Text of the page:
Six months into my self-imposed year of no planes, in March of 2020, the wheel of the world also stopped. It would no longer be hard to not get on a plane and fulfill my promise to myself. A friend jokingly wrote to me: “I know you didn’t want to fly for a year but I think this is overkill.”
Midas is King, the biggest project I had taken on since this time began, was cancelled one week before filming. That’s nothing compared to what so many others lost. Amidst the grief and sorrow of COVID-19 sweeping the globe, the size of my world went from anywhere within driving distance to my own backyard. Now I would really learn what stillness was. We all would.
And we waited. We stayed in our burrows. We sprayed our grocery bags with alcohol. We clung to whatever was real around us, and kept waiting.
I don’t have to tell you what it was like. You were there.
Now it’s time for a confession. Like many people who identify as introverts, lockdown was a relief. Introverts everywhere blossomed without the looming obligation of That Place You Have to Go To and Those Things You Have to Do. There was no place to go, and nothing to do. I think I am not alone in experiencing a quiet happiness in that stillness, and also a gnawing guilt for being happy in it.
Yes – there was an immense amount of grief. Yes – it sucked. I hated watching opportunities being snatched away, especially from emerging artists just testing their wings. But in my honesty, I have to confess there was a relief in this forced stillness for myself – I felt like I had room to breathe. Even though I had made room for the work to emerge, I was still buzzing all over the place like a crazed rabbit, and while the work was emerging, my exhaustion had not budged.
What I’ve learned in quarantine…
After the initial bread baking extravaganza of early quarantine, the dust began to settle as people adapted to these bizarre new circumstances. I noticed something happening on a large scale. People started creating again. It was under duress, it was in living rooms, it was smaller than anyone wanted but it was there. I was no exception – what other choice did we have?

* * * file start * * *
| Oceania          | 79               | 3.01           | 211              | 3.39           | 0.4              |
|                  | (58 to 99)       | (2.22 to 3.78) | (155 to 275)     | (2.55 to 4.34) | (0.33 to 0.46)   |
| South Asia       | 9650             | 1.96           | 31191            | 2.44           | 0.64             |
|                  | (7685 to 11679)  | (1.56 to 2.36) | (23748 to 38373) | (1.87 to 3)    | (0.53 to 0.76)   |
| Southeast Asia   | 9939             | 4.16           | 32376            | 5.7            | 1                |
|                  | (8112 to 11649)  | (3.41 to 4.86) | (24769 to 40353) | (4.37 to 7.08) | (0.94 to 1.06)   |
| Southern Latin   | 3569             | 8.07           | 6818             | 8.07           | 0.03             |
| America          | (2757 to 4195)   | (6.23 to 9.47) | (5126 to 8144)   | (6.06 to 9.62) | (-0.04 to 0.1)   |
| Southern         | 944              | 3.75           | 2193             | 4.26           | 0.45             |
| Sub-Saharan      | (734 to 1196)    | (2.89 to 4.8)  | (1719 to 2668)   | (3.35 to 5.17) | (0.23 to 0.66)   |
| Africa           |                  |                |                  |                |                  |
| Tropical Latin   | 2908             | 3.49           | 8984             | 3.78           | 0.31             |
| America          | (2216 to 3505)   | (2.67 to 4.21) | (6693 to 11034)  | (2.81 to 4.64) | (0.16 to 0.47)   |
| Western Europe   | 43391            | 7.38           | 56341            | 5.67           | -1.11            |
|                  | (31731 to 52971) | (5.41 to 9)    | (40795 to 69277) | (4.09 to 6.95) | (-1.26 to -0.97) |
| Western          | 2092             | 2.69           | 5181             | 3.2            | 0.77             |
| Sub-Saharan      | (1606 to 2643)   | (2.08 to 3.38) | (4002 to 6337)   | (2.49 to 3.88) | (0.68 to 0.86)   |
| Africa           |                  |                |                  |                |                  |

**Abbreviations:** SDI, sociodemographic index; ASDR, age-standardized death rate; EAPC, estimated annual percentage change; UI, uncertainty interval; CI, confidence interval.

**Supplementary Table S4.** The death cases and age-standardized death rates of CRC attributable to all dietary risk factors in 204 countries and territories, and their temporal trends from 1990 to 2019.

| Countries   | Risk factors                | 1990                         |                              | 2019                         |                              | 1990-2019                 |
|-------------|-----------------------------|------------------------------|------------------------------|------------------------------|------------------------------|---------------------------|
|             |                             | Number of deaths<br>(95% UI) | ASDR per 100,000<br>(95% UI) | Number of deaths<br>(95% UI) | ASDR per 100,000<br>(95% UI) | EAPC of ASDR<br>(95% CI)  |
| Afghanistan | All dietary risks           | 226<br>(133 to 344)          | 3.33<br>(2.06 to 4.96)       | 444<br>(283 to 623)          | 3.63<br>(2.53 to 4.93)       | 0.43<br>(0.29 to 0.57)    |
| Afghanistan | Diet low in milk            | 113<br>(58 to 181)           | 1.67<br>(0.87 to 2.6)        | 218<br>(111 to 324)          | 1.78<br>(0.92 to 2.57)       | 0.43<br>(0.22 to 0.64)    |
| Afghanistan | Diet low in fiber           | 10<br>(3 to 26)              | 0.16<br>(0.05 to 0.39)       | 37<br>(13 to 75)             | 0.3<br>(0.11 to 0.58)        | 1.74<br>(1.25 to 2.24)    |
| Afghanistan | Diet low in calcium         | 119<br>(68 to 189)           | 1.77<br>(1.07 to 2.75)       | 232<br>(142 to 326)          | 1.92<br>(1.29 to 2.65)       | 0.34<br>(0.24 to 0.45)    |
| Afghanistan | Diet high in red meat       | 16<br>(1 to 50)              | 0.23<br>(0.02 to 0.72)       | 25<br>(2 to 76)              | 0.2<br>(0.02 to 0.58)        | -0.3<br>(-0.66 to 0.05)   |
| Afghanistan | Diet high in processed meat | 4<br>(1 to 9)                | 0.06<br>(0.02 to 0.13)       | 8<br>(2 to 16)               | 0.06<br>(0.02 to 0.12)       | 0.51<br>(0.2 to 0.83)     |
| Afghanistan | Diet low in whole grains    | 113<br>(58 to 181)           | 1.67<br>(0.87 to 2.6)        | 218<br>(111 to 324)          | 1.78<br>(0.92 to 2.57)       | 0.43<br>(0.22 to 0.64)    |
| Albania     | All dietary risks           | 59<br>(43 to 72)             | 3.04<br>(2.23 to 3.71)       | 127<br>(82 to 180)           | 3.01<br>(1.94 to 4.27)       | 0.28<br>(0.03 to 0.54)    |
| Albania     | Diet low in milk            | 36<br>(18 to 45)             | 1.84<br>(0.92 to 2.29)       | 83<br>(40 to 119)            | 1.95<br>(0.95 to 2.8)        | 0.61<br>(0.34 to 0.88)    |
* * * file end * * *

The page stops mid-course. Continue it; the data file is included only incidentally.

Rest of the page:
Artists are freaking legends. After all this time I still feel like it is something I aspire to be, rather than something I am. I’ve always respected that path – after the past year I’m in awe of it. The work I’ve seen come out of this period of time could not have been made in any other environment. And the point of the work wasn’t necessarily to make money or even advance a career, the point was the work itself. The point was to exercise the muscle of creation.
If you plant a tree in a box, it will grow box-shaped roots. Creation is tenacious.
I’ve learned to trust that more, and to stop throttling the process and demanding output from it.
It took many more months, but Midas is King did finally get filmed. It was weird, and masked, and no one hugged, but it was made. And you know, it was better than it would have been for the months of extra time it took to get there. If I’d had my way, it would have been filmed in March and been a subpar product.
I had been forced to really learn how to rest, and found a joy inside of it. And to my annoyance, the work was better because of it.
Advice to new artists …
Here is your job: show up. Tell the truth. Don’t be attached to a specific outcome.
That’s it. That’s your job. Not to judge your work as more or less valuable, not to judge someone else’s work, your job is to show up, and tell the truth. Let it become what it is without trying to force it to be a certain thing. It is probably not going to look the way you thought it would, it has to be allowed to change. You have to be allowed to change. You have to be allowed to stop the wheel when you need to, or get off the wheel entirely.
I am not the creature I was who decided not to get on a plane for a year. I was an aerialist and coach who specialised in aerial hoop, and who was desperate for a rest. Today I am a person who makes things. I mentor artists, and I make work. Some of that work is in the air. Some of it is on the page. I never know what it’s going to be anymore, I just show up and try to tell the truth.
Don’t go back to sleep.
You can find out more about Rachel here:
Midas photo credit Max Cooper